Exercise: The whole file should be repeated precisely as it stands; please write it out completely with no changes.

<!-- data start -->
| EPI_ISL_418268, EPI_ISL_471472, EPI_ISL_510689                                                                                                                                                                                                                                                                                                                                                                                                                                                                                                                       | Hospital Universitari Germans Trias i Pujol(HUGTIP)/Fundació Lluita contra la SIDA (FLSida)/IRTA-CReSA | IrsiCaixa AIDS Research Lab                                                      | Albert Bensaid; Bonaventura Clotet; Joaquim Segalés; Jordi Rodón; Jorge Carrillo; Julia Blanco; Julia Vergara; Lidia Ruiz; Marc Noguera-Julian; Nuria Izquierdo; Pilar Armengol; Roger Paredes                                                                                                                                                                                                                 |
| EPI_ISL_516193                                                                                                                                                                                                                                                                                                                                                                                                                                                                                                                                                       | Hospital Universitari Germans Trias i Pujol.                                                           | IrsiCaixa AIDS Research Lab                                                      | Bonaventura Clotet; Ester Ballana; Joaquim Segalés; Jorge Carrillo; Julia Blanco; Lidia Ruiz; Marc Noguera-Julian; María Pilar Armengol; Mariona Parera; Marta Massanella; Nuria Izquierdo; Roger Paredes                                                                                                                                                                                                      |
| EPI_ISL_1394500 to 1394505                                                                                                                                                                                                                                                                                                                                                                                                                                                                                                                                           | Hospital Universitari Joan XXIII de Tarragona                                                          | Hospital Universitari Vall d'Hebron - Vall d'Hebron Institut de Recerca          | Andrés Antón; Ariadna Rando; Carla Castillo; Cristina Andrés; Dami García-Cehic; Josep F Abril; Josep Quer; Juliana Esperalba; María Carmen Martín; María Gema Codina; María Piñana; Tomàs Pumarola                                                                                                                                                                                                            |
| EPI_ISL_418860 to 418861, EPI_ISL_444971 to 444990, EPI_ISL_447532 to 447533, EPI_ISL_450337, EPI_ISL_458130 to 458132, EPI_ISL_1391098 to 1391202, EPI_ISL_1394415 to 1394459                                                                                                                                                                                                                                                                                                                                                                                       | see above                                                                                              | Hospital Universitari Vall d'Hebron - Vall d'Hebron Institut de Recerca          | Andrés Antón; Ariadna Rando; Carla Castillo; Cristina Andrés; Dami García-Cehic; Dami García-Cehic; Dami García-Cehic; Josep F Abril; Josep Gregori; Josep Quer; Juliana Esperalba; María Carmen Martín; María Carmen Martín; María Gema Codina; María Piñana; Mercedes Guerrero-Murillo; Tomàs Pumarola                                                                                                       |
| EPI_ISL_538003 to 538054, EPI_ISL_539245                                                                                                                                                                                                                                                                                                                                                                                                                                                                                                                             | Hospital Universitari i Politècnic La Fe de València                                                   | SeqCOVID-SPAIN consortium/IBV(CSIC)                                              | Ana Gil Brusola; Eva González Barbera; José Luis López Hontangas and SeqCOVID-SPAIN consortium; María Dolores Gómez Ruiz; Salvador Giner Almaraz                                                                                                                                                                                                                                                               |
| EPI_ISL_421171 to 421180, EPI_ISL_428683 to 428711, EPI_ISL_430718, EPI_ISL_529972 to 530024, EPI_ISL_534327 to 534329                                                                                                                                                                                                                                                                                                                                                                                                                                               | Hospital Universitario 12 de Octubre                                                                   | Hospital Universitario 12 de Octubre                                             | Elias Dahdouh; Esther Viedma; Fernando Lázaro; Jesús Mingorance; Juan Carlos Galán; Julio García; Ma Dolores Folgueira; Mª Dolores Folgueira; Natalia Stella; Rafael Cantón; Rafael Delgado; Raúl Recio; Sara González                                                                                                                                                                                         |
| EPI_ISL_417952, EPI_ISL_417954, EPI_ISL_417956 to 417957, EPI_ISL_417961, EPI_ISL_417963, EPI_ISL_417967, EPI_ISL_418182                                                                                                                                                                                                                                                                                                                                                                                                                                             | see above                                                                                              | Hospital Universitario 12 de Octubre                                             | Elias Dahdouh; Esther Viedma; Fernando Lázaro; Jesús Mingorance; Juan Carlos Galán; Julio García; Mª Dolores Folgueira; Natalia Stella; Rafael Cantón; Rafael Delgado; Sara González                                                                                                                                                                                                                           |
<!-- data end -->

| EPI_ISL_418268, EPI_ISL_471472, EPI_ISL_510689                                                                                                                                                                                                                                                                                                                                                                                                                                                                                                                       | Hospital Universitari Germans Trias i Pujol(HUGTIP)/Fundació Lluita contra la SIDA (FLSida)/IRTA-CReSA | IrsiCaixa AIDS Research Lab                                                      | Albert Bensaid; Bonaventura Clotet; Joaquim Segalés; Jordi Rodón; Jorge Carrillo; Julia Blanco; Julia Vergara; Lidia Ruiz; Marc Noguera-Julian; Nuria Izquierdo; Pilar Armengol; Roger Paredes                                                                                                                                                                                                                 |
| EPI_ISL_516193                                                                                                                                                                                                                                                                                                                                                                                                                                                                                                                                                       | Hospital Universitari Germans Trias i Pujol.                                                           | IrsiCaixa AIDS Research Lab                                                      | Bonaventura Clotet; Ester Ballana; Joaquim Segalés; Jorge Carrillo; Julia Blanco; Lidia Ruiz; Marc Noguera-Julian; María Pilar Armengol; Mariona Parera; Marta Massanella; Nuria Izquierdo; Roger Paredes                                                                                                                                                                                                      |
| EPI_ISL_1394500 to 1394505                                                                                                                                                                                                                                                                                                                                                                                                                                                                                                                                           | Hospital Universitari Joan XXIII de Tarragona                                                          | Hospital Universitari Vall d'Hebron - Vall d'Hebron Institut de Recerca          | Andrés Antón; Ariadna Rando; Carla Castillo; Cristina Andrés; Dami García-Cehic; Josep F Abril; Josep Quer; Juliana Esperalba; María Carmen Martín; María Gema Codina; María Piñana; Tomàs Pumarola                                                                                                                                                                                                            |
| EPI_ISL_418860 to 418861, EPI_ISL_444971 to 444990, EPI_ISL_447532 to 447533, EPI_ISL_450337, EPI_ISL_458130 to 458132, EPI_ISL_1391098 to 1391202, EPI_ISL_1394415 to 1394459                                                                                                                                                                                                                                                                                                                                                                                       | see above                                                                                              | Hospital Universitari Vall d'Hebron - Vall d'Hebron Institut de Recerca          | Andrés Antón; Ariadna Rando; Carla Castillo; Cristina Andrés; Dami García-Cehic; Dami García-Cehic; Dami García-Cehic; Josep F Abril; Josep Gregori; Josep Quer; Juliana Esperalba; María Carmen Martín; María Carmen Martín; María Gema Codina; María Piñana; Mercedes Guerrero-Murillo; Tomàs Pumarola                                                                                                       |
| EPI_ISL_538003 to 538054, EPI_ISL_539245                                                                                                                                                                                                                                                                                                                                                                                                                                                                                                                             | Hospital Universitari i Politècnic La Fe de València                                                   | SeqCOVID-SPAIN consortium/IBV(CSIC)                                              | Ana Gil Brusola; Eva González Barbera; José Luis López Hontangas and SeqCOVID-SPAIN consortium; María Dolores Gómez Ruiz; Salvador Giner Almaraz                                                                                                                                                                                                                                                               |
| EPI_ISL_421171 to 421180, EPI_ISL_428683 to 428711, EPI_ISL_430718, EPI_ISL_529972 to 530024, EPI_ISL_534327 to 534329                                                                                                                                                                                                                                                                                                                                                                                                                                               | Hospital Universitario 12 de Octubre                                                                   | Hospital Universitario 12 de Octubre                                             | Elias Dahdouh; Esther Viedma; Fernando Lázaro; Jesús Mingorance; Juan Carlos Galán; Julio García; Ma Dolores Folgueira; Mª Dolores Folgueira; Natalia Stella; Rafael Cantón; Rafael Delgado; Raúl Recio; Sara González                                                                                                                                                                                         |
| EPI_ISL_417952, EPI_ISL_417954, EPI_ISL_417956 to 417957, EPI_ISL_417961, EPI_ISL_417963, EPI_ISL_417967, EPI_ISL_418182                                                                                                                                                                                                                                                                                                                                                                                                                                             | see above                                                                                              | Hospital Universitario 12 de Octubre                                             | Elias Dahdouh; Esther Viedma; Fernando Lázaro; Jesús Mingorance; Juan Carlos Galán; Julio García; Mª Dolores Folgueira; Natalia Stella; Rafael Cantón; Rafael Delgado; Sara González                                                                                                                                                                                                                           |